4BETTER OR WORSE- The week in review

Biggest dump: The state Department of Environmental Quality investigates an illegal, three-quarters-of-an-acre site with eight-foot-piles of refuse at 2859 Crown Orchard Road in Batesville. According to Brandon Shulleeta in the Daily Progress, the dump may be on the 350-acre property of Crown Orchard Company magnate Henry Chiles, who says he didn't know about any dumping on his land.

Biggest vigil: UVA students turn out April 16 to decry violent homophobia after a male student and his guest are attacked early April 4 by five gay-slur-yelling white males in the Scott Stadium parking lot.

Biggest bond sale: UVA sells $250 million of something called "benchmark-level taxable Build America Bonds" April 15 to fund 19 capital projects costing $800 million. The bonds are partially subsidized by the U.S. Treasury through the American Recovery and Reinvestment Act of 2009, aka the "stimulus package," and the university retains its AAA rating, according to a release.

Biggest loss: Media General, parent company of the Daily Progress, posts a $21.3 million loss in the first quarter of 2009 and an 18 percent drop in revenue to $159 million. Part of the loss includes severance costs from slicing nearly 300 jobs March 31.

Biggest fundraiser- Supes' race: Dennis Rooker leads the pack with $64,100 that includes a $7,500 donation from John Grisham, the Progress reports.

Biggest fundraiser- Council race: Mayor Dave Norris reports $5,636 in donations, followed by Kristin Szakos with $2,720, and Julian Taliaferro at $1,568.

Funniest fundraising pitch: A big-headed Thomas Jefferson peeps around columns on the Rotunda, polishes a statue, gives tours, and mops floors to "Working for the Weekend" with the tagline, "He's doing his part. Are you doing yours?" The series of videos can be found on the UVA Today blog, and TJ now is on Facebook.

Least amused: Over at cvillenews.com, Waldo Jaquith dubs the big-headed Jefferson video series "so awful that it has to be watched to be believed."

Latest legal travails for Buckingham supervisor: Joe N. Chambers Jr. is indicted for felony timber theft April 14 following an allegation his logging company illegally harvested five acres in September 2007, Scott Shenk reports in the Progress. It's not the first time Chambers, 61, has been accused of harvesting the wrong wood, and Charlottesville resident H.D. Bruns II filed a lawsuit claiming Chambers cut 49 acres. The longtime supe also has tax troubles and was arrested for driving under the influence in 2008, which was reduced to reckless driving.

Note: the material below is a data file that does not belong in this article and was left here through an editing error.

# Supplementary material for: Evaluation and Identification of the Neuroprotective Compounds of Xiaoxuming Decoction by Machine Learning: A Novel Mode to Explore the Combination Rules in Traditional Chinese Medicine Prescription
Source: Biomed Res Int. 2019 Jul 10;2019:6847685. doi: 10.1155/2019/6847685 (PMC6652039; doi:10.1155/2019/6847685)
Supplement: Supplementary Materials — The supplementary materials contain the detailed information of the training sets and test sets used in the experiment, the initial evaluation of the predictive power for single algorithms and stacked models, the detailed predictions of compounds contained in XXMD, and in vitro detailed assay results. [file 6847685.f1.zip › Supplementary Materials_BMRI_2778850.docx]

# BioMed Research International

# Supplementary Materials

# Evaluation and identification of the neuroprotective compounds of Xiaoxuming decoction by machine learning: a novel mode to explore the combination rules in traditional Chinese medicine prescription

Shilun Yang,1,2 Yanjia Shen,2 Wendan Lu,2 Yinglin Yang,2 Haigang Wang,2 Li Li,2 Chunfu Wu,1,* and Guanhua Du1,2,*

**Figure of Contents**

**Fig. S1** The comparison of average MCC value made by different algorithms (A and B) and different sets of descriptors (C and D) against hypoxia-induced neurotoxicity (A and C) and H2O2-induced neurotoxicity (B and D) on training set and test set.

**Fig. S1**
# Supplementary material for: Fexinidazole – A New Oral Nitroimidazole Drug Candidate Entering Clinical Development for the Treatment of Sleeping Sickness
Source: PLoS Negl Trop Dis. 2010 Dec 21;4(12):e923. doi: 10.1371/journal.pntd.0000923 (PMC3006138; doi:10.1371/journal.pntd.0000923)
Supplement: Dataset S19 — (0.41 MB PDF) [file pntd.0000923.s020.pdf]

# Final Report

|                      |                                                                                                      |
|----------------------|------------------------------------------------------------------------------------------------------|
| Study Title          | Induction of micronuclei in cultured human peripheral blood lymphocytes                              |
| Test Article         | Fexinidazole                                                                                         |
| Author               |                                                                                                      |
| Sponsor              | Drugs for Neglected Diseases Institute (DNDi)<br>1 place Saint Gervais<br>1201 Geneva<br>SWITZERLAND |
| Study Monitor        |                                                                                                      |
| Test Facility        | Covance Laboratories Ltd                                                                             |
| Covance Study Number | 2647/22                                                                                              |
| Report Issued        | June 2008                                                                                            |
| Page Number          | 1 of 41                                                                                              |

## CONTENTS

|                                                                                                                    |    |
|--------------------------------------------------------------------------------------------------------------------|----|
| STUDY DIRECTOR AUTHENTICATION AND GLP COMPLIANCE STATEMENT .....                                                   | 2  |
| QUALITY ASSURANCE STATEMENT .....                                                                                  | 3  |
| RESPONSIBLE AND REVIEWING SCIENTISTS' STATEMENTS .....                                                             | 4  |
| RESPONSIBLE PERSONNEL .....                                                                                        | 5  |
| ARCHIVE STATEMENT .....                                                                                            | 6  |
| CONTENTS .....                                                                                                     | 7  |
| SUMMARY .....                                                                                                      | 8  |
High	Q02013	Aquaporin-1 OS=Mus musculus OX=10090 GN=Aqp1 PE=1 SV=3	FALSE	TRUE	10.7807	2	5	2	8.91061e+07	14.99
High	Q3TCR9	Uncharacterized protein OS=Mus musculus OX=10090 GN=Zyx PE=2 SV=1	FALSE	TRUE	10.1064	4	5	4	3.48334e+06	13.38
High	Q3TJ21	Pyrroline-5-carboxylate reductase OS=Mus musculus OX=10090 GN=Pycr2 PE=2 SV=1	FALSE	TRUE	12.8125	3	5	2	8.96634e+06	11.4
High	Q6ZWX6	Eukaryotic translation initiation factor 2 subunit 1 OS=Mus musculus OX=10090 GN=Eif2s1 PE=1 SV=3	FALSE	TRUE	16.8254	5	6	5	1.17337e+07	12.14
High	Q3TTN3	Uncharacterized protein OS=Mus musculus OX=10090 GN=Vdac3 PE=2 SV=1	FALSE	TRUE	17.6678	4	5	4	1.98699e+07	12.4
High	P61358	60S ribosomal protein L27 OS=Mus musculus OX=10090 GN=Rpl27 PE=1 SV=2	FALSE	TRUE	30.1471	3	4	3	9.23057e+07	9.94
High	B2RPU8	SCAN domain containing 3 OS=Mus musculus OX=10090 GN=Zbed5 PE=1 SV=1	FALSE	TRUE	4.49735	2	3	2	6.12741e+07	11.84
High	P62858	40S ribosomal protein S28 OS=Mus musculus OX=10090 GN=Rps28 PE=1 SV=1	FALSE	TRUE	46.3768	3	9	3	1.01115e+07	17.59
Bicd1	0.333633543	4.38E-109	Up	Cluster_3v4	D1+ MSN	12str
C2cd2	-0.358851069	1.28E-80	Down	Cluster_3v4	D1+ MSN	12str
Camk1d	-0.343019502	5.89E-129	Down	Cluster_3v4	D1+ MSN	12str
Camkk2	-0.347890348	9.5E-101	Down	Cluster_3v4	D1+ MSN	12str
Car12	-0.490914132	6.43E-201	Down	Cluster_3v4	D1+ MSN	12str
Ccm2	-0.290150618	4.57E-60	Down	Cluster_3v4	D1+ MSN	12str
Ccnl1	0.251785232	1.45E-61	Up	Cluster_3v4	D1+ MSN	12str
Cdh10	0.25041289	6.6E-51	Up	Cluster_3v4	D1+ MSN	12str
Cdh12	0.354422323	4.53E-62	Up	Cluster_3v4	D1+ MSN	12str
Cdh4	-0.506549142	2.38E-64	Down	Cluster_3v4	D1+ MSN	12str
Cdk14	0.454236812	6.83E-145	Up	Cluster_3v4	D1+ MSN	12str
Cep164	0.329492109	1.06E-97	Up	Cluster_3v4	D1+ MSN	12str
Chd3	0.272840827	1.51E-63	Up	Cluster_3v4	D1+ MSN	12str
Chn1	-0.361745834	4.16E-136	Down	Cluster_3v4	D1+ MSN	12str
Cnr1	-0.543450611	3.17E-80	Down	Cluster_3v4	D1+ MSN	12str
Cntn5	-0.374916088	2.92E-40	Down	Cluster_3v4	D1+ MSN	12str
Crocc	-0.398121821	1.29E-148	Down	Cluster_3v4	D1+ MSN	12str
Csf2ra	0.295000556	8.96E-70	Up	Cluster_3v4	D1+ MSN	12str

Most ironic: On April 15, hundreds gather to protest taxation and government spending at a tea party at the Pavilion, while Congressman Tom Perriello touts the largest middle-class tax cut in American history.

Newest historic marker: The 83,000-plus-acre Southern Albemarle Historic District gets its own marker, which notes Jefferson-influenced buildings, the bucolic Piedmont landscape of large farms and historic villages, and the early transportation network of roads and waterways. 

Best deal on building permits: City Council slices fees in half for the next six months.

Best way to be a volunteer deputy: Albemarle Sheriff Chip Harding seeks search and rescue volunteers 18 and older with clean criminal backgrounds to sign up for April 27 training. Horses and ATVs welcome. Contact 972-4001 or sheriff @albemarle.org.

Best way to dispose of electronics: Crutchfield hosts another recycling event Sunday, April 26, from noon to 4pm, and with a limit of three devices such as televisions, computer monitors, computers, printers, phones, or VCRs.

Cheaper than picking up recycling: Albemarle County, which offers no curbside recycling except for requiring private haulers to take newspapers, puts out a "Green Map" telling citizens where they can go to recycle and how to make "green living" easier.